Today we are going to look at LKQ Corporation (NASDAQ:LKQ) to see whether it might be an attractive investment prospect. In particular, we'll consider its Return On Capital Employed (ROCE), as that can give us insight into how profitably the company is able to employ capital in its business.
First of all, we'll work out how to calculate ROCE. Next, we'll compare it to others in its industry. Then we'll determine how its current liabilities are affecting its ROCE.
Return On Capital Employed (ROCE): What is it?
ROCE is a metric for evaluating how much pre-tax income (in percentage terms) a company earns on the capital invested in its business. Generally speaking a higher ROCE is better. Overall, it is a valuable metric that has its flaws. Author Edwin Whiting says to be careful when comparing the ROCE of different businesses, since 'No two businesses are exactly alike.
How Do You Calculate Return On Capital Employed?
Analysts use this formula to calculate return on capital employed:
Return on Capital Employed = Earnings Before Interest and Tax (EBIT) ÷ (Total Assets - Current Liabilities)
Or for LKQ:
0.091 = US$962m ÷ (US$13b - US$2.1b) (Based on the trailing twelve months to June 2019.)
Therefore, LKQ has an ROCE of 9.1%.
Is LKQ's ROCE Good?
One way to assess ROCE is to compare similar companies. In this analysis, LKQ's ROCE appears meaningfully below the 15% average reported by the Retail Distributors industry. This performance is not ideal, as it suggests the company may not be deploying its capital as effectively as some competitors. Setting aside the industry comparison for now, LKQ's ROCE is mediocre in absolute terms, considering the risk of investing in stocks versus the safety of a bank account. It is possible that there are more rewarding investments out there.
The image below shows how LKQ's ROCE compares to its industry, and you can click it to see more detail on its past growth.
It is important to remember that ROCE shows past performance, and is not necessarily predictive. ROCE can be misleading for companies in cyclical industries, with returns looking impressive during the boom times, but very weak during the busts. ROCE is, after all, simply a snap shot of a single year. Since the future is so important for investors, you should check out our free report on analyst forecasts for LKQ.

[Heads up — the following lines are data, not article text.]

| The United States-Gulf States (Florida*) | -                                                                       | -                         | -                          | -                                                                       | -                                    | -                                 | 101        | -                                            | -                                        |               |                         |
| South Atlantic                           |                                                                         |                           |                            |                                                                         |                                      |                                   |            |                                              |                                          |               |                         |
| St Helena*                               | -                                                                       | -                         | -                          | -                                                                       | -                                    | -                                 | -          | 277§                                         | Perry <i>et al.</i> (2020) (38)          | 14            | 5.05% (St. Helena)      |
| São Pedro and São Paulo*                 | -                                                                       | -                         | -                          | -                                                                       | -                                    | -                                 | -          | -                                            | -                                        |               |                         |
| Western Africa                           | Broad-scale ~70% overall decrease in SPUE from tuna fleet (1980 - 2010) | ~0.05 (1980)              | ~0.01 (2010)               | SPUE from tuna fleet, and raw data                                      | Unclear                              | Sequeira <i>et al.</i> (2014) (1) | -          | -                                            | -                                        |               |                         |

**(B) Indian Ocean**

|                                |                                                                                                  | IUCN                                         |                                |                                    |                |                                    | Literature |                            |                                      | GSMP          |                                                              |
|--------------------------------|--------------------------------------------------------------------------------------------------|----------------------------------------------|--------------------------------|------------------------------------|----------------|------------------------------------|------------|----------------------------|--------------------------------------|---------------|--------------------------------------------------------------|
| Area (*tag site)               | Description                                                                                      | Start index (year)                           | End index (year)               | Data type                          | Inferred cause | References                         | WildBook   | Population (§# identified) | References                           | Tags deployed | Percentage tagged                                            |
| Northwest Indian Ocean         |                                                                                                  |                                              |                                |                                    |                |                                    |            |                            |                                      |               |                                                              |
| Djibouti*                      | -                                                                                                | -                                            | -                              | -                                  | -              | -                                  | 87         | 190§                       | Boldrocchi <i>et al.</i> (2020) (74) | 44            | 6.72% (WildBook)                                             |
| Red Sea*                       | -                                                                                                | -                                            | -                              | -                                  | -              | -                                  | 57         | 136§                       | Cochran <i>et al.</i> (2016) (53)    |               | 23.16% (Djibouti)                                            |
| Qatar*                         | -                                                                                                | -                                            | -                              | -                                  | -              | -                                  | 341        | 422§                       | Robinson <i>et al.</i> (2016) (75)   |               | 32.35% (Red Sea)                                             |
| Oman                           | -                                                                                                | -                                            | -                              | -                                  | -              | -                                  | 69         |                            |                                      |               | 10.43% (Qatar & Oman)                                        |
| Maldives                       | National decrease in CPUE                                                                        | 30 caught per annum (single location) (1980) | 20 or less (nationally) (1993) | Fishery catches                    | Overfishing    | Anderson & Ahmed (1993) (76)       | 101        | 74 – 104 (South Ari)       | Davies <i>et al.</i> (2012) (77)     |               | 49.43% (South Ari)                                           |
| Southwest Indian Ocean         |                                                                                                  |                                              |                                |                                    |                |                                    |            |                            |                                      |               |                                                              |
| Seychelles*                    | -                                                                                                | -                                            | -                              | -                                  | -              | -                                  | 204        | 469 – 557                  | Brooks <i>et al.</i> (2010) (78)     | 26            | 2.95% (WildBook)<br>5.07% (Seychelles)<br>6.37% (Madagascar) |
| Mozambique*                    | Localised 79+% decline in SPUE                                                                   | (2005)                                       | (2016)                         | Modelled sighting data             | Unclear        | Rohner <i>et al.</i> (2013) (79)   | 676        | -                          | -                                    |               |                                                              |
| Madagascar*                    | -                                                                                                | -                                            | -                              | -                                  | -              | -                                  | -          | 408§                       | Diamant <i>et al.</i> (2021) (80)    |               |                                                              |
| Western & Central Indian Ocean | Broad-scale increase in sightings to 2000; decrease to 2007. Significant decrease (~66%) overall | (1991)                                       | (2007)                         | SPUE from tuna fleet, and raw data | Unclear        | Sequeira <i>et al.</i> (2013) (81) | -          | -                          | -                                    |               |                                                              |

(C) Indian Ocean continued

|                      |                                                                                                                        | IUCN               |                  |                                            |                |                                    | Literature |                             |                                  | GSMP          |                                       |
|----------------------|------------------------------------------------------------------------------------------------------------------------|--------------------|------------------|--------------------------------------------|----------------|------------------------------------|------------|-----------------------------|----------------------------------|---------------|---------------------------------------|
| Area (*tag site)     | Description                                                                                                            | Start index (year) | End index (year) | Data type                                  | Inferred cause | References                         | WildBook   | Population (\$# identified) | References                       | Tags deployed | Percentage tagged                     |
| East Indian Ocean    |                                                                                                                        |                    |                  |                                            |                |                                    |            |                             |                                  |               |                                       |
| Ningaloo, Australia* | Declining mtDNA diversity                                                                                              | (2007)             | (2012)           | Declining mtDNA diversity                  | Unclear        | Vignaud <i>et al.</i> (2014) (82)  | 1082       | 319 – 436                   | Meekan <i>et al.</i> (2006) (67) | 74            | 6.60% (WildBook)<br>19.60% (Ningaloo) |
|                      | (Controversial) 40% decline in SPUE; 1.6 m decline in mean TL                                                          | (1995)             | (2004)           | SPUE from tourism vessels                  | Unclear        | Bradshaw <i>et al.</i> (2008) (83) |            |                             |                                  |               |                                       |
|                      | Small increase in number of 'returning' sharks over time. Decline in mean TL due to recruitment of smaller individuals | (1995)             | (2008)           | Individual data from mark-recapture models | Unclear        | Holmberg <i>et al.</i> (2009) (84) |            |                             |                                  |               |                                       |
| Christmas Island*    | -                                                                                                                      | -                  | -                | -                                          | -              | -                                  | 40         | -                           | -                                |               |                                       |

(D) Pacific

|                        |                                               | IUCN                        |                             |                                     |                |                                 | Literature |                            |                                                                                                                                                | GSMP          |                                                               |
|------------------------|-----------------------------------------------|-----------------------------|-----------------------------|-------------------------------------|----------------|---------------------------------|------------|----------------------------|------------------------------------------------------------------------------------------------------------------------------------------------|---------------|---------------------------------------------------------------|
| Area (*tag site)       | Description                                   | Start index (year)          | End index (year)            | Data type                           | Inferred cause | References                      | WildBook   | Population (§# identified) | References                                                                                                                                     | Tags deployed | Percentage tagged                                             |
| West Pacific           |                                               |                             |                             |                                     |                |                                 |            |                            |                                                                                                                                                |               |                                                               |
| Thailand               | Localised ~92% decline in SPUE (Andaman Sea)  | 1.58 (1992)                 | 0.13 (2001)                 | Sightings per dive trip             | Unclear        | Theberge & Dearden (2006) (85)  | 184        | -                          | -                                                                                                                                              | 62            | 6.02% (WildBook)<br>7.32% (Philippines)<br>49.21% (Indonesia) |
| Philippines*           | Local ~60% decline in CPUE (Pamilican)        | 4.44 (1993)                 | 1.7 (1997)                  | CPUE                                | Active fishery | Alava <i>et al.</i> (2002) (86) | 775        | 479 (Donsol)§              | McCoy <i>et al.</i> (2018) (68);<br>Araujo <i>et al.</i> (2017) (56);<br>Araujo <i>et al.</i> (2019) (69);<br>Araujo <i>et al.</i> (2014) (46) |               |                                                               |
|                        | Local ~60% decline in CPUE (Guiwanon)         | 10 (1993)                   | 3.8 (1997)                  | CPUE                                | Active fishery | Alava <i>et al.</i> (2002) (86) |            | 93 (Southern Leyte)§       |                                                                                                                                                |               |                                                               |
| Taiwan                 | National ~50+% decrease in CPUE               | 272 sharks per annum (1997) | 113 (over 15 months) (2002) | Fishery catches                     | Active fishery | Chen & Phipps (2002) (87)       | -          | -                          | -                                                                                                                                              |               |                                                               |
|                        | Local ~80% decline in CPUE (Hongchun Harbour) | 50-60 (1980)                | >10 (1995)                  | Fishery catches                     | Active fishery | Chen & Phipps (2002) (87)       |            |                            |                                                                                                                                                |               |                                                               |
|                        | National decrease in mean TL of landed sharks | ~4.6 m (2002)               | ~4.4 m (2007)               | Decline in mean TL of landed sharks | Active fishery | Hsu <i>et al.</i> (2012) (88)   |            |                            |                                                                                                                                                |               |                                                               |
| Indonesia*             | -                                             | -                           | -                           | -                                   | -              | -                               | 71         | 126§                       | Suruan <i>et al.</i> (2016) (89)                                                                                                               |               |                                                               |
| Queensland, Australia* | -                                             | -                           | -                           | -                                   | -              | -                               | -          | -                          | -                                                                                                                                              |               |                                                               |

How LKQ's Current Liabilities Impact Its ROCE
Liabilities, such as supplier bills and bank overdrafts, are referred to as current liabilities if they need to be paid within 12 months. Due to the way the ROCE equation works, having large bills due in the near term can make it look as though a company has less capital employed, and thus a higher ROCE than usual. To check the impact of this, we calculate if a company has high current liabilities relative to its total assets.
LKQ has total assets of US$13b and current liabilities of US$2.1b. As a result, its current liabilities are equal to approximately 17% of its total assets. It is good to see a restrained amount of current liabilities, as this limits the effect on ROCE.
Our Take On LKQ's ROCE
That said, LKQ's ROCE is mediocre, there may be more attractive investments around. Of course, you might also be able to find a better stock than LKQ. So you may wish to see this free collection of other companies that have grown earnings strongly.
If you are like me, then you will not want to miss this free list of growing companies that insiders are buying.
We aim to bring you long-term focused research analysis driven by fundamental data. Note that our analysis may not factor in the latest price-sensitive company announcements or qualitative material.
If you spot an error that warrants correction, please contact the editor at email@example.com. This article by Simply Wall St is general in nature. It does not constitute a recommendation to buy or sell any stock, and does not take account of your objectives, or your financial situation. Simply Wall St has no position in the stocks mentioned. Thank you for reading.